Drifting can take two different forms. The first one is hip and very well-liked in Tokyo, while the second one kind of stinks and is despised all over the world. Of course, I’m referring to stick drift on your controllers or Joy-analog Con’s sticks.
Because you never know when it will impact your controller – sometimes even within months of purchasing it – stick drift is probably the most frequent yet most unpleasant problem you can experience.
Two American families attempted to sue Nintendo in March of last year over the Joy-Con drift problem with their Switch. The mothers had the lawsuit filed in their children’s names after learning that they could not properly launch the complaint.
Despite the fact that Nintendo had launched a program to repair Joy-Cons for free, all of this happened. Therefore, it appeared as though they were attempting to make a rapid profit.
It turns out, however, that it made no difference because Nintendo has now prevailed in the litigation due to the Switch’s End User License Agreement (thanks, NintendoLife). The EULA effectively prohibits the product owner from suing the business.
The parents attempted to claim that the children could not be bound by the EULA because of their young age, but Nintendo was successful in winning the lawsuit since it was determined that the parents were the true owners of the system.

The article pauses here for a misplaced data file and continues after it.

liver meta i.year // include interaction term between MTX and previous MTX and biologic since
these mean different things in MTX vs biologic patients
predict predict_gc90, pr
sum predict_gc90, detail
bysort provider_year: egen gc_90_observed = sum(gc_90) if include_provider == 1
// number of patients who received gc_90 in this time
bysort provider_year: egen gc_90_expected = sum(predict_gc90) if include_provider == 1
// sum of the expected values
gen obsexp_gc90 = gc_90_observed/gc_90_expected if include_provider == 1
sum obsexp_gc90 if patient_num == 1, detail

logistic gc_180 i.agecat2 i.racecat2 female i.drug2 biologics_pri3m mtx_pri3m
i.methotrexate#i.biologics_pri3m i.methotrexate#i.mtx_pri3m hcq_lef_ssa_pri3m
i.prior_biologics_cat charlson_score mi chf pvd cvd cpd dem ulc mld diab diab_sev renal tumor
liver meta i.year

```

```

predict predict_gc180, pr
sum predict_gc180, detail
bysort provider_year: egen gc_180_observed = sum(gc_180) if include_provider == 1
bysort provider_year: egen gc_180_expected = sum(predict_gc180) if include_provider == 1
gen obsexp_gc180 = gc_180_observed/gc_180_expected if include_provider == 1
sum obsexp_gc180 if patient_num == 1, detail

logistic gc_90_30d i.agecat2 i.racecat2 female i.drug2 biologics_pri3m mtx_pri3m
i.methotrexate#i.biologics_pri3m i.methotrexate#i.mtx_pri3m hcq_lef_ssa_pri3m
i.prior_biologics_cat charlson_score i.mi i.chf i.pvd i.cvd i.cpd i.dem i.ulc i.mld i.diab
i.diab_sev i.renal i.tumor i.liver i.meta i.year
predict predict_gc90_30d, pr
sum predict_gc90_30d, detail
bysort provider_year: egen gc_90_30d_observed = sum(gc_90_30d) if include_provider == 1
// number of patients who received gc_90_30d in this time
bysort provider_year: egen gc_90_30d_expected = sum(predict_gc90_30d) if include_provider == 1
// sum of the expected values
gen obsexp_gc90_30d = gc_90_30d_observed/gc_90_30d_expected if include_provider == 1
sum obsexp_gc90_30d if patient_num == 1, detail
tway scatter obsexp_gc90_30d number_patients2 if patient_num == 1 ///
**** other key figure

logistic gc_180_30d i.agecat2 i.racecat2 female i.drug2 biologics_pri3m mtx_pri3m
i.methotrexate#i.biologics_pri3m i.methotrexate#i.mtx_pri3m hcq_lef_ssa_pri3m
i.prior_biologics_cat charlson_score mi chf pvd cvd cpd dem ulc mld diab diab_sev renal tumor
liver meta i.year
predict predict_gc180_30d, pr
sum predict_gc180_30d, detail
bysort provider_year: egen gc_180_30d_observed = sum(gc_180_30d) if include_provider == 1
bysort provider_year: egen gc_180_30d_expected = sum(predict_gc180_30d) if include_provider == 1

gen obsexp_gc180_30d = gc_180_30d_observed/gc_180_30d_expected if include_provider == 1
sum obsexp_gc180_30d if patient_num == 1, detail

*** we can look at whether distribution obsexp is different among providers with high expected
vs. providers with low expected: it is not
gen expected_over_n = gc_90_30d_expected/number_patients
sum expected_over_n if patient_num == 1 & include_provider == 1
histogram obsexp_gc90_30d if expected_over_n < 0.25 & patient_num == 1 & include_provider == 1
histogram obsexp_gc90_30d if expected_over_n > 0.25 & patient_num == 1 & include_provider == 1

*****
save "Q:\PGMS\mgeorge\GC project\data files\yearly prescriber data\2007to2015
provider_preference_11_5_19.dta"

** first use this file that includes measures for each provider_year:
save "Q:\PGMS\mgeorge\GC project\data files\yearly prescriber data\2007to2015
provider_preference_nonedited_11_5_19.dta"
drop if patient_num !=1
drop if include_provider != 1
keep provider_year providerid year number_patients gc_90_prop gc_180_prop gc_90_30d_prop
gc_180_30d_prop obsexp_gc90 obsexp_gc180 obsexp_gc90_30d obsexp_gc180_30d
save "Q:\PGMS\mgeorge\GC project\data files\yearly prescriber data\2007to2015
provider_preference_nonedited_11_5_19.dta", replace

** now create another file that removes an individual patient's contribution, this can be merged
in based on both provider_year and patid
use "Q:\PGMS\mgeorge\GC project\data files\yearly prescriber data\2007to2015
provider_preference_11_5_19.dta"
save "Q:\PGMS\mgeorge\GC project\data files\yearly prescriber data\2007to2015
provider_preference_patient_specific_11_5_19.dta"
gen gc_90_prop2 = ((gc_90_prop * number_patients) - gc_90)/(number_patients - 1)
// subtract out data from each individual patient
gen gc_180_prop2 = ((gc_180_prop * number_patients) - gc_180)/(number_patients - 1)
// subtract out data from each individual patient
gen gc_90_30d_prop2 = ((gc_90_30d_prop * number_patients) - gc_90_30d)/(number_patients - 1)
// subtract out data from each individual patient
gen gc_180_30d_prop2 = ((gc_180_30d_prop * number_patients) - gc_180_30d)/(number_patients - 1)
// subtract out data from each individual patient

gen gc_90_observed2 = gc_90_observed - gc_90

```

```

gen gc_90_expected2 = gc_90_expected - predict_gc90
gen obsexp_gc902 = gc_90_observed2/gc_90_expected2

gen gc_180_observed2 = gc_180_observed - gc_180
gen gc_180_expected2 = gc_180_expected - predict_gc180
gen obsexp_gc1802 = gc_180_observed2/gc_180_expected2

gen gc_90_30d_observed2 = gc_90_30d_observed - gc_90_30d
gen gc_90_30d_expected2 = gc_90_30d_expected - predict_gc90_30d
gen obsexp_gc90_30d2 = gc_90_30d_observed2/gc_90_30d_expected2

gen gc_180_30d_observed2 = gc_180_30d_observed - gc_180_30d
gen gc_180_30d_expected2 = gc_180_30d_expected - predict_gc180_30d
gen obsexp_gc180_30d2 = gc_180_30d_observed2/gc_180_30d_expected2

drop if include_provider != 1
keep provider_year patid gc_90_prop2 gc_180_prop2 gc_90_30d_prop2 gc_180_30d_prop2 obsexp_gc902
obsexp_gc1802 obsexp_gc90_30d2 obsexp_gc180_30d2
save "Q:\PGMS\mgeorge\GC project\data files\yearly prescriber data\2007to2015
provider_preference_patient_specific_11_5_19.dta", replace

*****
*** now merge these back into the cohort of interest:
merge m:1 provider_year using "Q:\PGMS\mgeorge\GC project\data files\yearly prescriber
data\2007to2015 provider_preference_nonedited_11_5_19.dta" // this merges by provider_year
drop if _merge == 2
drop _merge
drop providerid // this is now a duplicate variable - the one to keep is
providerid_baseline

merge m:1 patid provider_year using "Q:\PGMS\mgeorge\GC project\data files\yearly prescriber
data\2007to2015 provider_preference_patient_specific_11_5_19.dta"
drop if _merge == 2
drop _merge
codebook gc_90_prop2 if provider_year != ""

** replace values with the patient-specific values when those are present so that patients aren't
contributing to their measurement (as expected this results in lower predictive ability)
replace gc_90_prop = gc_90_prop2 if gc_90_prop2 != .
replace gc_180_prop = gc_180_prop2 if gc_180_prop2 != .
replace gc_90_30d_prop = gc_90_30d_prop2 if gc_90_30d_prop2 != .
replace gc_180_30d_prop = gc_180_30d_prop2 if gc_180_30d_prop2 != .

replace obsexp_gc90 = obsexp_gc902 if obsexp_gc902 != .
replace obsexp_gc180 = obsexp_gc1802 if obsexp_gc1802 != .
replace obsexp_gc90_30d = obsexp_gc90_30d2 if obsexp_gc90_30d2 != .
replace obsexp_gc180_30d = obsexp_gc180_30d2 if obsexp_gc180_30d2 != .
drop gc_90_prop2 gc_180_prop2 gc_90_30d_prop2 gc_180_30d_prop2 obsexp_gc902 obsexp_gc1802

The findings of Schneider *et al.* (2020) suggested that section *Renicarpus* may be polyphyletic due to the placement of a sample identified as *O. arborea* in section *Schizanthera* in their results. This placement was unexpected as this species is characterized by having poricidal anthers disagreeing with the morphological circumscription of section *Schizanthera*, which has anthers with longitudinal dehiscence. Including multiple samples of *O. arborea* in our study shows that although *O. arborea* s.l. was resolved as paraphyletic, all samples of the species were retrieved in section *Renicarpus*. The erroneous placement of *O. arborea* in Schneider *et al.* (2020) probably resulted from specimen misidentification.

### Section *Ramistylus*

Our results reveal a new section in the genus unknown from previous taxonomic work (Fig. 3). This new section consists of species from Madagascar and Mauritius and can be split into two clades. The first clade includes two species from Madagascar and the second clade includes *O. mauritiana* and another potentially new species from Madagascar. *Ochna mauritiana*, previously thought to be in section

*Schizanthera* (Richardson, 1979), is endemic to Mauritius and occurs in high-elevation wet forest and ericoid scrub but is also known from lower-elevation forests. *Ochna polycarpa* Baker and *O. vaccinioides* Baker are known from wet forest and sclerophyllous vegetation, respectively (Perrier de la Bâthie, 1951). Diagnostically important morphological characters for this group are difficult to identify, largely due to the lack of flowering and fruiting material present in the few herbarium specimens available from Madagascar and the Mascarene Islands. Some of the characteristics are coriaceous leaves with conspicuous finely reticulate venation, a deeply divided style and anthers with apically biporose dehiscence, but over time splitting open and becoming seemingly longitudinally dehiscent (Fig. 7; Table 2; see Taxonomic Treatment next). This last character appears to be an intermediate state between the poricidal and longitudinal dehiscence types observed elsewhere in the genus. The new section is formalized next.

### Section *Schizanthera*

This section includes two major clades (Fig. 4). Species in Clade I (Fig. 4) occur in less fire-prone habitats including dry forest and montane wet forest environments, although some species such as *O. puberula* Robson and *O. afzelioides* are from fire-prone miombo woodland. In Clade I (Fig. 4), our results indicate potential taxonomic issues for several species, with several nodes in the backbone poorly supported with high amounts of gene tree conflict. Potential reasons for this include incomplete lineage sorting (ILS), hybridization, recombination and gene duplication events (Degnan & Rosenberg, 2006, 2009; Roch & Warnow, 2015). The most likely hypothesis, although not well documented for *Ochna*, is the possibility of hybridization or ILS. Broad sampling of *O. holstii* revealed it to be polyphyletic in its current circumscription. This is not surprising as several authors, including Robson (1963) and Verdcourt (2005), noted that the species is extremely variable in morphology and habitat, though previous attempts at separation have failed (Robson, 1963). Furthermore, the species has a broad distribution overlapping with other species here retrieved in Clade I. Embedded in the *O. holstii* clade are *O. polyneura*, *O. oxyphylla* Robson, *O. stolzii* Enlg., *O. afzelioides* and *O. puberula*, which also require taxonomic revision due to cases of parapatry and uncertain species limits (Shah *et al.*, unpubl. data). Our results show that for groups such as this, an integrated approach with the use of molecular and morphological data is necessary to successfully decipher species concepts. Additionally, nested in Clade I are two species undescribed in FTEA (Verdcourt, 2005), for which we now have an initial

It’s unclear what these parents were trying to accomplish by using one of the most prosperous businesses in the world, which undoubtedly has hundreds of attorneys on retainer. You’d need a fairly strong attorney to take Nintendo to court given that the corporation has aggressively pursued anyone found utilizing its licensed products in a manner that it disapproves of.
The UK-based watchdog ‘Which?’ criticized Nintendo for the Joy-Con drift problem in December of last year. It was suggested that Nintendo carry out a thorough internal investigation to determine how such a problem was permitted to occur in addition to offering a “no fuss” repair or replacement policy.